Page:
TR [In conversation with Dre]

yeah, yeah, with Jody…

DD:
LaVar Burton! He put on a visor and  he could see. But when he went to do the movies  LaVar didn’t want that visor on his face they pulled it off and put something on his eyes…we don’t know what’s coming!

TR [In conversation with Dre]
Right!

DD
Now if I could get in a DeLorean and go sixty years forward and grab it and pull it back  and say here put this on it works

TR [In conversation with Dre]
[Laughing….]

DD:
I don’t know!

TR [In conversation with Dre]

Right, right!

DD:
But we’re back to what the Fight Back is all about, choices!

TR [In conversation with Dre]

What you just said  helped me because the obstacles in front of me are not  necessarily just based on sight. And that goes into a really deeper conversation, but when you said  you get something from  that, there’s no way  I would want to take that away from you!

TR:
I’m not a dream killer and never want to be that!

Believing in the ability to regain sight doesn’t mean  not believing in the abilities of people who are blind.

Often though, that seems to be the message we hear from different organization in their fight against blindness.

The NY Times a few weeks ago ran an article with the headline;
The Worst that Could Happen? Going Blind, People Say
The article itself discussed some of the fears, and ways to prevent or slow
certain types of eye diseases, but
it did nothing to help ease that fear for
those who are facing  that in their present or future.

That’s not cool!

They only looked at vision loss from the medical perspective  ,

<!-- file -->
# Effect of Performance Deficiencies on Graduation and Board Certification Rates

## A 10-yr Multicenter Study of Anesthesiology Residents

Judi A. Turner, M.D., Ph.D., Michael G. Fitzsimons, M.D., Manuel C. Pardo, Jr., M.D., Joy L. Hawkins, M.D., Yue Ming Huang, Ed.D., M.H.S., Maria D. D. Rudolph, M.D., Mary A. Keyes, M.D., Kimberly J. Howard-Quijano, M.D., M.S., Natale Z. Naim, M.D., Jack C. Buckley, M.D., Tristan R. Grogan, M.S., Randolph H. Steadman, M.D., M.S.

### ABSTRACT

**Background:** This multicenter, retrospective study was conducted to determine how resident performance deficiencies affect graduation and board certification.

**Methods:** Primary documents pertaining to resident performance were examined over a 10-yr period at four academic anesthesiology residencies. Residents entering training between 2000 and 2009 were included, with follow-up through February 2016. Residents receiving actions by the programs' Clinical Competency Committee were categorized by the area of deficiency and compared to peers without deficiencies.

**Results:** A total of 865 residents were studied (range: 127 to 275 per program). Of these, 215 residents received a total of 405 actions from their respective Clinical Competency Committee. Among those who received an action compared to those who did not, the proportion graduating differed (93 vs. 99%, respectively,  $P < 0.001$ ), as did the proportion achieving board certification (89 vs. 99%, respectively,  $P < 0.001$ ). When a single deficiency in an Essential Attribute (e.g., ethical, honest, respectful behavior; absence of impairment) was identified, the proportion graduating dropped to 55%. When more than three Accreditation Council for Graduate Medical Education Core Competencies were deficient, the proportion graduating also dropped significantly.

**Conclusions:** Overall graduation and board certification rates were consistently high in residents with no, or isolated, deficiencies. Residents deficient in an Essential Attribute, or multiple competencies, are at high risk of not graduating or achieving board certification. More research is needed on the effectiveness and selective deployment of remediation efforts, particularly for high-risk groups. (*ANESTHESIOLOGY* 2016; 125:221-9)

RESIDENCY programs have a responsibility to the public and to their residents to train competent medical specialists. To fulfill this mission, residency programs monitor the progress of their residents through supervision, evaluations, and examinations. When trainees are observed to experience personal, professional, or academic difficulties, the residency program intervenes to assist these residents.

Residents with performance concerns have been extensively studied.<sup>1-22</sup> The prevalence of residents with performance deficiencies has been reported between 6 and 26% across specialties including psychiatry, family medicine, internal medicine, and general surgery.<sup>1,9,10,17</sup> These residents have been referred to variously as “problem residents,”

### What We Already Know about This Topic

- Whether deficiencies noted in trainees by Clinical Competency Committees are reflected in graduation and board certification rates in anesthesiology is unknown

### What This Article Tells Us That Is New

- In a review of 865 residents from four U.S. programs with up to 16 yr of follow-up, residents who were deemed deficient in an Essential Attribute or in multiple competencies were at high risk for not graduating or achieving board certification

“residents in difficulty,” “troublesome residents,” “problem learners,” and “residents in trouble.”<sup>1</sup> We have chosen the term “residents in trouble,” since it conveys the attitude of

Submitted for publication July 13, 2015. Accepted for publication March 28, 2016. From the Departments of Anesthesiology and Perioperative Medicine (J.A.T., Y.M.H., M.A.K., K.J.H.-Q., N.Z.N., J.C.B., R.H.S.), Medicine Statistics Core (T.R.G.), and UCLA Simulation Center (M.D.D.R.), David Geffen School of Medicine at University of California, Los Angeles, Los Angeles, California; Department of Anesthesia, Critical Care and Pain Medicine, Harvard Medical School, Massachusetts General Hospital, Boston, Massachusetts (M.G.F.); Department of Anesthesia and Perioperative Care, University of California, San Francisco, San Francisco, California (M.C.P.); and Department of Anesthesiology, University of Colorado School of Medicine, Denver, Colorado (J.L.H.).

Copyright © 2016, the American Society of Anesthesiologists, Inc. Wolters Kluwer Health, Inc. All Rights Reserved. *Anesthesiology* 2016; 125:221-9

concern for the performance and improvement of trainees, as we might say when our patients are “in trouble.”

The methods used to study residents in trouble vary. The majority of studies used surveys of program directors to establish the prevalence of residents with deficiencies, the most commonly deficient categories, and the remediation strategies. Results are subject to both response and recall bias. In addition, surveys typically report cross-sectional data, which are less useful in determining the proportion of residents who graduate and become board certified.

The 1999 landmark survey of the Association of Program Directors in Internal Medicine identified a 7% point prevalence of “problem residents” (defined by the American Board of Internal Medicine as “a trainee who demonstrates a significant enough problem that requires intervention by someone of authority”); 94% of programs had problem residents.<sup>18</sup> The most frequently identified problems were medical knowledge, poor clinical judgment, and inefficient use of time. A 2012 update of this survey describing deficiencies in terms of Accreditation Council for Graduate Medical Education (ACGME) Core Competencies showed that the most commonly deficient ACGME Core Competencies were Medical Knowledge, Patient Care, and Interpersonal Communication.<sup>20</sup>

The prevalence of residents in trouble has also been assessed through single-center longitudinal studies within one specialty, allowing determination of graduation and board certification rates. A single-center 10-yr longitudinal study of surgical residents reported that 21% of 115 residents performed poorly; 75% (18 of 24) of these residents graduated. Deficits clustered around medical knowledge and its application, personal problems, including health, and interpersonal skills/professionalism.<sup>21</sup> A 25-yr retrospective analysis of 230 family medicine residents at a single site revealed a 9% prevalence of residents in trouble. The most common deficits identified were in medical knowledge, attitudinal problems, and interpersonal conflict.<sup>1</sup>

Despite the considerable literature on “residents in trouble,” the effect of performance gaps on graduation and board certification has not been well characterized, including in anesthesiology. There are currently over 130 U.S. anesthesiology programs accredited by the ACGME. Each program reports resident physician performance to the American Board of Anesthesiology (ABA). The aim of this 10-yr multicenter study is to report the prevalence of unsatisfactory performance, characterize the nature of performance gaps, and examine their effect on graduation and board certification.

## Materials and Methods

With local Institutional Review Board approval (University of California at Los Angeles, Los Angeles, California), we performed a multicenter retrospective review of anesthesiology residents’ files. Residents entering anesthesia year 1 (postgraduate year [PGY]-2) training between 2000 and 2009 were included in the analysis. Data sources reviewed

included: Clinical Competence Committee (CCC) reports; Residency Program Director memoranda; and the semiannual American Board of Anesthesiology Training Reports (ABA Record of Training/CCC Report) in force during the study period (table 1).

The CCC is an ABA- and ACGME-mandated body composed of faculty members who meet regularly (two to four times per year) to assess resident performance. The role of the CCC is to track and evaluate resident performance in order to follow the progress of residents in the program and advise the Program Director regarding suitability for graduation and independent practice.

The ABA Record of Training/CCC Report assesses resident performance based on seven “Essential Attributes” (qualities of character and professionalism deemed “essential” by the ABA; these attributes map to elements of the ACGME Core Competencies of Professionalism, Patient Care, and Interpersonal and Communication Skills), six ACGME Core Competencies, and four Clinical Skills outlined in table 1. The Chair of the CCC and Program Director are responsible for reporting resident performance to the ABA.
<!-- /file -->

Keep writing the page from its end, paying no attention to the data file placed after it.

prevent the disease and there’s no longer an issue!

But there’s the society side!

That fear is what leads to people not wanting to in anyway associate themselves with blindness.
That fear and miseducation leads to that 70 percent unemployment.

But Dre’s not saying that.
His approach appears to be inclusive, holistic as in a full picture.

He’s straight up keeping his options open
I can support that!

Let’s do some shout outs!

First of all Doctor Dre,
thank you brother for the conversation,
for the courage and willingness to bring options to the people!
I hope to hear more about the Fight Back in the near future.

These next two shout outs come with a recommendation…
Audio: The Cipher Show theme[]

If you are a hip hop fan and like to hear background stories
from artists, journalists and those on the business side…
you need to check the cipher show.
Host Shawn Satero was kind enough to help make this interview happen.

It’s one of my favorite podcasts.

At least once every episode you will hear a person being interviewed say, Wow, you really did your research!”

you’ll hear it at least once an episode which lets you know it’s a quality show.

Shout out to Shawn and the Cipher show!

Shout out to Bill Adler who helped coordinate this with Dre.
BTW, Sir, please continue producing that Christmas  Mix Tape,
my daughter and I look forward to that Cipher episode each year.
No comments folks, I like the different cultural Christmas music and I ain’t ashamed to say it!

If your listening right now on Sound Cloud hit that follow button.
You can subscribe  via any podcatcher on your phone or tablet,
Apple, Android it doesn’t matter we’re outchere!

We’re on Stitcher and Tune In.

Got feedback?
Hit me at reidmymindradio@gmail.com … Remember Reid, is R E I D.

Thanks for listening!

Peace!

Hide the transcript

 

Reid My Mind Radio – Who is Joe Capers

Wednesday, February 15th, 2017
A picture of Joe Capers, an African American man seated on a couch staring into the camera with sunglasses!

Joe Capers

En Vogue, Tony Tony Tone and more musical artists from Oakland could help answer this question. In this  episode we meet two gentlemen creating a documentary that will help others do the same.

The second part of today’s podcast explores Hip Hop from two angles you may have not known existed.
* Krip Hop Nation, an international network for artists with disabilities.
* Hip Learning,  using the rap element of Hip Hop to help children learn science and more!

So stop what you’re doing
Prepare to hear the words they say
The only way to do it…
Press on the button that says Play!

… Oh snap, #Bars son!


Subscribe & Follow


Resources

  1. Alternative Minds
  2. Krip Hop Nation
  3. The Best of Krip-Hop Nation on CD Baby